Or, “In which our author has a thing to say about current events.”
I have a particular–and particularly weird–relationship with the work of Thomas Kinkade. From the age of about 11 on, I’ve been surrounded by quite a lot of his work. Those reproduction prints with the little paint-daub embellishments? First, they filled my childhood home; after my parents split, the divided collection decked the walls of my mom’s and dad’s houses in Florida and Georgia.
As it was the mid-90s or so when my parents got sucked in, it took several years for Kinkade’s work to reach critical enough mass that I started hearing reactions from other people. With the company I keep, those reactions were seldom positive. Sometime around when you could buy needlepoint Bible covers with his paintings at your local Wal-Mart, slagging his work officially became A Thing. Like with most people of a certain type (of a certain age, temperament, and level of cynicism and sarcasm), I found myself turned off by a certain well-documented treacly quality. This mostly came later, with his weird and ugly forays into impressions of impressionism and his icky NASCAR and Disney crossovers. But his earlier stuff, the paintings of houses and cottages and nice gates and things? They weren’t necessarily what would go on my walls (maybe I’ll show you that some time, for context), but they made people happy, including people I love very much. To me, that can be enough.
Not all art has to say something. Not all art has to be representative of process or the emotional torture an artist went through. I believe it can be enough for art to make a person happy and to evoke certain things in their mind. This is why I hate decorator art – it does none of these things, and so it strikes me as a little sacrilegious, honestly. But Kinkade’s art? A shameless cash grab, sure. But just as surely, it touched a certain place in people. And I think that can be enough.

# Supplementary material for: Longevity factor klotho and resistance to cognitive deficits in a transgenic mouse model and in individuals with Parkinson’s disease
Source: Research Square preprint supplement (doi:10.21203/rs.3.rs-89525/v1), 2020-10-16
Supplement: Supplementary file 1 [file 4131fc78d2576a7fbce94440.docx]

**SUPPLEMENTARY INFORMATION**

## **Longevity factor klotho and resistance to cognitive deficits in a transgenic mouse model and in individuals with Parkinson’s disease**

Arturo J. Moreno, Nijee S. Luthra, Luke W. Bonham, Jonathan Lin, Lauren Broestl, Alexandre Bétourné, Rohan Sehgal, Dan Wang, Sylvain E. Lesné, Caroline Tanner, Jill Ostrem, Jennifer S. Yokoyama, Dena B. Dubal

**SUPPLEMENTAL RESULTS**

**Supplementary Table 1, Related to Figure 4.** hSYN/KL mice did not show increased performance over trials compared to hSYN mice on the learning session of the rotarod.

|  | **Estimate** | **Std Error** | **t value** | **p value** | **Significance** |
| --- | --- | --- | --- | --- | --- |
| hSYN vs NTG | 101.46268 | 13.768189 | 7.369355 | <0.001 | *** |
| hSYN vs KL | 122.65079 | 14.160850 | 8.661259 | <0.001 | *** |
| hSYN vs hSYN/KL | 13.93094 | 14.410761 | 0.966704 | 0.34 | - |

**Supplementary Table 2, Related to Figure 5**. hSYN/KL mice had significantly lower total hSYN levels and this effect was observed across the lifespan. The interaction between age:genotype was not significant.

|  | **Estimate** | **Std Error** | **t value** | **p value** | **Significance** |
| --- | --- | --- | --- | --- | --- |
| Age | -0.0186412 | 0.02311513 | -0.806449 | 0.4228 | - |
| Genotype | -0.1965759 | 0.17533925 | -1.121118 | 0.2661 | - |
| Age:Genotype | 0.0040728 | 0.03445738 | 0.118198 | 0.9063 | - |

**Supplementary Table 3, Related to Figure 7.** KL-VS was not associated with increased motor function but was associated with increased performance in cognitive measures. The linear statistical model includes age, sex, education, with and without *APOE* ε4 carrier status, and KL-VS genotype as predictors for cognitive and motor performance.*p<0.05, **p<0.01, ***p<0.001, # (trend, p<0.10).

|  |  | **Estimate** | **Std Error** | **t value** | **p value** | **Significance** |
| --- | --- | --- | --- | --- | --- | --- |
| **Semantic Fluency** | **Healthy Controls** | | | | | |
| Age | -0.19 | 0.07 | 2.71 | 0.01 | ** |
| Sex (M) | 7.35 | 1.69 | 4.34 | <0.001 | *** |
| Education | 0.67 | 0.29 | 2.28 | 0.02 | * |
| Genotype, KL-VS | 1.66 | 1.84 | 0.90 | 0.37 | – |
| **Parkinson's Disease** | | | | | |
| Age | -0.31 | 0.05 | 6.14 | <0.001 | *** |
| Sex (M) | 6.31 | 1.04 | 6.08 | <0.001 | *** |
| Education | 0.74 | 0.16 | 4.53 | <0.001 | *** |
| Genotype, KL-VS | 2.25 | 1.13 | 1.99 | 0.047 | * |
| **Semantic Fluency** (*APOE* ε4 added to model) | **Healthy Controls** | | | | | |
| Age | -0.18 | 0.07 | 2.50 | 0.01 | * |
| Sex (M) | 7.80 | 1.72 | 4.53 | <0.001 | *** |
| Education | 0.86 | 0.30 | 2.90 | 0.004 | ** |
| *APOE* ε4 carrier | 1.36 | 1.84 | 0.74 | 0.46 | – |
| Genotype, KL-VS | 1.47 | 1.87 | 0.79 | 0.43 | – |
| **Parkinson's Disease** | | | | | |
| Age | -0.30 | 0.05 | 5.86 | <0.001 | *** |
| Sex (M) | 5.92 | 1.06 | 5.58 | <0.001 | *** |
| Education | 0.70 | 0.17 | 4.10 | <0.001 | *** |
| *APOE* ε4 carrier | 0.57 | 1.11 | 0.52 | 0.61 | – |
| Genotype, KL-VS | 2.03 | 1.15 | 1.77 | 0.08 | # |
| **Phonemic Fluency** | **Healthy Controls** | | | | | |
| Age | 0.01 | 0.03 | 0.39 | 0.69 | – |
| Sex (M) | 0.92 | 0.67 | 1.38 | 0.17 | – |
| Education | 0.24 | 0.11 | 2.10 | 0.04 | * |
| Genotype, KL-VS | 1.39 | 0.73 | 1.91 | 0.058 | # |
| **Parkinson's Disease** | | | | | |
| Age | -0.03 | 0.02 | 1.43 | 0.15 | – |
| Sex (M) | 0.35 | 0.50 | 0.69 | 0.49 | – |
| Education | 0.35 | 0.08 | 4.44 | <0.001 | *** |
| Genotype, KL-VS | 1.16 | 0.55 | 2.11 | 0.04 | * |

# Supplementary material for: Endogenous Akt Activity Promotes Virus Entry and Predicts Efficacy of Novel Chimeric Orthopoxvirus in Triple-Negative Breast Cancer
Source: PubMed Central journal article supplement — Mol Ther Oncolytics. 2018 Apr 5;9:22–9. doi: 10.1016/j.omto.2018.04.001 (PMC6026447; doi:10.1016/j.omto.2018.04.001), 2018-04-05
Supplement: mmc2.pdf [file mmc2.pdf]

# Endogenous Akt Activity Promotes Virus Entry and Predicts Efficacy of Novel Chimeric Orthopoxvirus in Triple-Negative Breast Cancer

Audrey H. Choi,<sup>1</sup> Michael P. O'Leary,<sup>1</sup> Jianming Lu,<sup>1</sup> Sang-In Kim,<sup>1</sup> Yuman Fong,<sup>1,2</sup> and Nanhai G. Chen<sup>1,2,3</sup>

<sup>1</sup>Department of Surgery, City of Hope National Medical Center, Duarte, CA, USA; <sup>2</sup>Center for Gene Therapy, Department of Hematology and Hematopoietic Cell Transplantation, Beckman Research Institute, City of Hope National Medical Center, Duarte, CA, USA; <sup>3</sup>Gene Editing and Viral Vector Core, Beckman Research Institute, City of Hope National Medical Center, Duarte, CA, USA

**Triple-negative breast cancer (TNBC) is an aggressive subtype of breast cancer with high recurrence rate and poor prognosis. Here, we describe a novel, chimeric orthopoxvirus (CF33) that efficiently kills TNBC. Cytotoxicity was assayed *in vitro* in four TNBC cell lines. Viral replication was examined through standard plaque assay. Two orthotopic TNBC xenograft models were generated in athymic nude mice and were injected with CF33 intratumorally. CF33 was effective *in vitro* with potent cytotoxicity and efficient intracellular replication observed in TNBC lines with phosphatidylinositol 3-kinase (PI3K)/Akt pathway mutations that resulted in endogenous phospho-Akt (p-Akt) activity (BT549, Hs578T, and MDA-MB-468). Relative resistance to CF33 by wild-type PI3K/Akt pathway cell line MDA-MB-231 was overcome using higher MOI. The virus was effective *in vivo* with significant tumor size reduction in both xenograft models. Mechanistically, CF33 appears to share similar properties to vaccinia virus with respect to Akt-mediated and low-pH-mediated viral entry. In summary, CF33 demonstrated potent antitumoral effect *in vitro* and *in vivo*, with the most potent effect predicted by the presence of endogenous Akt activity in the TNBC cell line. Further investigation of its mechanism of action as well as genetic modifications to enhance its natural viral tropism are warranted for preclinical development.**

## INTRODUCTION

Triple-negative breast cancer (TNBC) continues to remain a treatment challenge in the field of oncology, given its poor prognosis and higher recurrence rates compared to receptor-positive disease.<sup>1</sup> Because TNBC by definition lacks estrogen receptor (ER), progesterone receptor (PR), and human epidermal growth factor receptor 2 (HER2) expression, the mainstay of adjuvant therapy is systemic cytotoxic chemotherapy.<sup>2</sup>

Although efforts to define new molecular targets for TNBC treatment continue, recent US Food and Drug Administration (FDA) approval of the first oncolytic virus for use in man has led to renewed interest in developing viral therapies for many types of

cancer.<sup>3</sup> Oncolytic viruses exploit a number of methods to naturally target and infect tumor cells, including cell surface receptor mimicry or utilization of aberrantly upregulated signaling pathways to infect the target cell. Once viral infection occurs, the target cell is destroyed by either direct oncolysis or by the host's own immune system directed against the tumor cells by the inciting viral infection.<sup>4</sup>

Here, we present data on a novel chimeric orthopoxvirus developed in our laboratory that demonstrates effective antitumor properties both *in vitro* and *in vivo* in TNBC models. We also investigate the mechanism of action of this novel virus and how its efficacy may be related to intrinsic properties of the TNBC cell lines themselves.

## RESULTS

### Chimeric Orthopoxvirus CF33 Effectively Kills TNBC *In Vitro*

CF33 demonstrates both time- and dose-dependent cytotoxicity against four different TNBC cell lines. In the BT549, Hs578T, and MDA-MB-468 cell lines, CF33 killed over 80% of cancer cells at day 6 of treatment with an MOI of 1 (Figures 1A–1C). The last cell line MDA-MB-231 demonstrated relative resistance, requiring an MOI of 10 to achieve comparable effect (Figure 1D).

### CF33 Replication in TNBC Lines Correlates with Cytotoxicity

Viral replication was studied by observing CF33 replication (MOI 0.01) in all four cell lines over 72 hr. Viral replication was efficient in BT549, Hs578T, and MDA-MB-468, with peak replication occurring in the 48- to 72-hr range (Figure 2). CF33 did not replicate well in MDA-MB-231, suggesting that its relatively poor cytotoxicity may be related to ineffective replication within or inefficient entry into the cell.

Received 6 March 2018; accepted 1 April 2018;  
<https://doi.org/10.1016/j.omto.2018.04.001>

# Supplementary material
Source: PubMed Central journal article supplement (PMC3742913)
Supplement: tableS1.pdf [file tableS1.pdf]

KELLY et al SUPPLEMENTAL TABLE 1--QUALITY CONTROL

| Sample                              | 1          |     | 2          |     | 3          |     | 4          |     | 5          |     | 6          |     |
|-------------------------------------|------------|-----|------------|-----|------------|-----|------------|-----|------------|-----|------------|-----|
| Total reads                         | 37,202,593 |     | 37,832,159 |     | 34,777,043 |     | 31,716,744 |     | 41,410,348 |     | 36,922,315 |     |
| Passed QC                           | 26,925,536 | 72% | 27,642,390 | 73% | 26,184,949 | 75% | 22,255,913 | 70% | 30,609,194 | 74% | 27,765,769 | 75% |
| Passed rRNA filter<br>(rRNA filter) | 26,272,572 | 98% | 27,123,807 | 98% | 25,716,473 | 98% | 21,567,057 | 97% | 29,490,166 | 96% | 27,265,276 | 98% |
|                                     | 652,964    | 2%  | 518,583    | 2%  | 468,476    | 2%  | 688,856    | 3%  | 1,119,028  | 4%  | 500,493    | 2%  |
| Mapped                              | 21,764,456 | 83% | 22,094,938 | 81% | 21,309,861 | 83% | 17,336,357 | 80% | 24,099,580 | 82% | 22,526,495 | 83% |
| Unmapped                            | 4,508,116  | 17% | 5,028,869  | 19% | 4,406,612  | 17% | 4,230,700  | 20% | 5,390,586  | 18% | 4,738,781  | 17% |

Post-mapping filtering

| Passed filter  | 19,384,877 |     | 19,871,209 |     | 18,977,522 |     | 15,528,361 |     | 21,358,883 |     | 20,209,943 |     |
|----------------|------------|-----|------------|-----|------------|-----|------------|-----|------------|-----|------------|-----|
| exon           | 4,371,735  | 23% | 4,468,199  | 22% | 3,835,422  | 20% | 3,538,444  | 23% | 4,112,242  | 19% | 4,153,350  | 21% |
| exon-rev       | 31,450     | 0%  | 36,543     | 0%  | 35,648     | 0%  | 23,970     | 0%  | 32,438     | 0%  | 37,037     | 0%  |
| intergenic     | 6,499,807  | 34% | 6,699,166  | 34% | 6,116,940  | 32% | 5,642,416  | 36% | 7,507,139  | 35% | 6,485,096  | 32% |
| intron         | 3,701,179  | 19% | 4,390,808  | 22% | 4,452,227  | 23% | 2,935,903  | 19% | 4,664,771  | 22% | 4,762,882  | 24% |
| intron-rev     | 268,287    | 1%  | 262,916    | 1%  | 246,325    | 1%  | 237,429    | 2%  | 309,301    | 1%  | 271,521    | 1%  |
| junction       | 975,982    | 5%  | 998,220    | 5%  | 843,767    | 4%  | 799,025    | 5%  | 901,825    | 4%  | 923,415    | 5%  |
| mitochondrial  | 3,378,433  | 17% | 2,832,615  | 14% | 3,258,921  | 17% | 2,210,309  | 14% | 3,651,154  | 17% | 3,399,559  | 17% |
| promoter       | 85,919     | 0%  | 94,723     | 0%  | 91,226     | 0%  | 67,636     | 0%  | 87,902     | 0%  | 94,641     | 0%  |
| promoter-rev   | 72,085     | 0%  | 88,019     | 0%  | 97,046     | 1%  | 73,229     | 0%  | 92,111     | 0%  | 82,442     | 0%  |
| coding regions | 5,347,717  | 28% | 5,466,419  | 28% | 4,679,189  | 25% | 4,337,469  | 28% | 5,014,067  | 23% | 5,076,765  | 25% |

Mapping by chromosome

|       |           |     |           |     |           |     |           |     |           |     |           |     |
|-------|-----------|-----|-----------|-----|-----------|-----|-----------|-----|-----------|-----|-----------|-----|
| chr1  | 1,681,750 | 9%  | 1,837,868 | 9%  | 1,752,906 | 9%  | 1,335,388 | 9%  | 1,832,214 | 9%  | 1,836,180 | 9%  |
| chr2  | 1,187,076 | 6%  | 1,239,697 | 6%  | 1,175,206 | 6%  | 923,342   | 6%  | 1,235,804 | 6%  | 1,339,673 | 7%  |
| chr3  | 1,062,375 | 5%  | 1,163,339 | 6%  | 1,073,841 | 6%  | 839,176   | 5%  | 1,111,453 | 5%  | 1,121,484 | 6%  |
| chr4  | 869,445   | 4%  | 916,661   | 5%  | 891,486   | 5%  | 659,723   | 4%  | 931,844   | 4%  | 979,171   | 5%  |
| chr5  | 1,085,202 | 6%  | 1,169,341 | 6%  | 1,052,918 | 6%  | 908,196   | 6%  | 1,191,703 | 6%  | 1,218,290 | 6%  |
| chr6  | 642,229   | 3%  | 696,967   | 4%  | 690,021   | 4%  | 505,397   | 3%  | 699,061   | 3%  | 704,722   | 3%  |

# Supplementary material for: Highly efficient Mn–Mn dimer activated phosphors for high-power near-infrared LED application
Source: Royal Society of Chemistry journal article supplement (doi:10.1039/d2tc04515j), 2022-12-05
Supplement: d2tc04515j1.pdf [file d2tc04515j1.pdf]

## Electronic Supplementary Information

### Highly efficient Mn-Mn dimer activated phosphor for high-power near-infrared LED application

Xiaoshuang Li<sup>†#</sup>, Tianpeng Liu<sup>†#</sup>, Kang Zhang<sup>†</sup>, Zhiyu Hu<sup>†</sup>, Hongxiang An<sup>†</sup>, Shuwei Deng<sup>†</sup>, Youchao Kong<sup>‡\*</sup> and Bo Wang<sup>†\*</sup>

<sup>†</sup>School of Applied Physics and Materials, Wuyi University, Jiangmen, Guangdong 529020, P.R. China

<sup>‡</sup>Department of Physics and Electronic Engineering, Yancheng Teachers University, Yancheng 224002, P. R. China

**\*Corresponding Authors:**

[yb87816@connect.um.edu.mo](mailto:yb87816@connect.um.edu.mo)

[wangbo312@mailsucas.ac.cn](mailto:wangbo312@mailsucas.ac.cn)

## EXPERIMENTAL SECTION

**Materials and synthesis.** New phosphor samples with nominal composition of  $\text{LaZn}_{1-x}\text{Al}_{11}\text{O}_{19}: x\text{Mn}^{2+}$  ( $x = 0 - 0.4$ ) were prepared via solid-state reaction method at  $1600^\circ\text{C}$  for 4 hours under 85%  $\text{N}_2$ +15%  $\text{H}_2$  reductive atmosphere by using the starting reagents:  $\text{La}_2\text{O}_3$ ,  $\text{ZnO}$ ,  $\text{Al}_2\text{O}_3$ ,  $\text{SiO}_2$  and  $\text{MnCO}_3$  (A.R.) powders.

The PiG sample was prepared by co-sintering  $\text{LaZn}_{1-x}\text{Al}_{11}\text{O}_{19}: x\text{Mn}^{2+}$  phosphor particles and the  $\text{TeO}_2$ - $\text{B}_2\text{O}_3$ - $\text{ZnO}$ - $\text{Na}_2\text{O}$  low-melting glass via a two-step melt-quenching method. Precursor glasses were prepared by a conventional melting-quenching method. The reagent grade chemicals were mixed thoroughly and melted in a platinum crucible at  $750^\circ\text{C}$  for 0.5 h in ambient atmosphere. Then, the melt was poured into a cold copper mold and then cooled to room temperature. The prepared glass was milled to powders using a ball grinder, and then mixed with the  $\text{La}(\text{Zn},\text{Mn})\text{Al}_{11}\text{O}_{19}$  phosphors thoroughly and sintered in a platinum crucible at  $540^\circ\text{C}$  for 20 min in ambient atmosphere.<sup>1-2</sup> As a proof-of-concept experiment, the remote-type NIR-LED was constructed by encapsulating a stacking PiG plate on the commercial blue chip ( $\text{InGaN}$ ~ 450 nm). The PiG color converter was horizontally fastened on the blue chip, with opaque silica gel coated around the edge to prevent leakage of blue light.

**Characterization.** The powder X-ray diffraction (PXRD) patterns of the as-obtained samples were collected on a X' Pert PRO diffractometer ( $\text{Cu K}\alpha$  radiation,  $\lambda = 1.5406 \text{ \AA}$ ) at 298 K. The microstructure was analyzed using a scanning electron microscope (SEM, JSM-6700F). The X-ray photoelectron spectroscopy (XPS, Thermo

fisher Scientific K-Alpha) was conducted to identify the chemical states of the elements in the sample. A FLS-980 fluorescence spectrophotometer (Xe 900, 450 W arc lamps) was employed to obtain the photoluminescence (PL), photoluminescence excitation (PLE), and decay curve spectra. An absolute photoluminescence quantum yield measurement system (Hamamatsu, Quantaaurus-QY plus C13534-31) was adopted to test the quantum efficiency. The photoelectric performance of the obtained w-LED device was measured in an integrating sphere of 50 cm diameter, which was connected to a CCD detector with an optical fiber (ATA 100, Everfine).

Lines and Colors has a nice, even look that puts Kinkade’s work in context, particularly when you read the comments too. The image I started with, however, is from here . Part two is here. Most of them are… kind of perfect.
Anyway. I get leery and weary when it gets trendy and too easy to slag the same thing over and over again. There are legit criticisms to make. I asked my gentleman friend, an actual trained artist person, what in particular bothered him about Kinkade’s work. He said it was the formula of it–that so much of it was just a pattern, like Bob Ross’s happy little trees, just glurge regurgitated in a series of forms. And I get that. If someone gets massively successful (especially through a sometimes hard-to-watch combination of smart moves and backstabbing), seeing them poop out the same thing in a fit of repeated muscle memory becomes galling and, yes, worthy of criticism. And, um, dude had his demons (which I won’t link here, because: tired of Googling). But, if you followed his official story without reading the more colorful elements of it, it’s an easy formula to make people happy. Large, beautiful, warmly lit houses surrounded by lush forests. Gardens bursting in impossible blooms. Vividly colored windows into an escape. Is it complicated? No, but not everything needs to be goddamn Pollock, does it?
There are legit criticisms to be made, sure, especially since dude did call himself an artist and try to assume a mantle of seriousness and earned emotional resonance and all that. When I’ve heard people get into a slag-fest, though, it moves past that pretty fast into a fit of laughing at anything with such a lowly aim as making people feel good for a little bit. (Good enough to part with several hundred dollars, that is.) And that, I think, is unnecessarily snobby.
And this is unnecessarily long. But, having been steeped in this stuff for more than half my life, it’s influenced me in probably weird and warping ways, and it’s led me to have some Things to Say on a subject that deserved maybe a Thing at best. But here we are. There’s just an element of the man’s legacy that I haven’t seen addressed much. Through a weird twist of my parents’ taste in art (and a trip to Maui where I spent WAY too much time in a small room as the lights were darkened to bring out the highlights in a series of paintings), I have an opinion on these things. And now I have given it to you.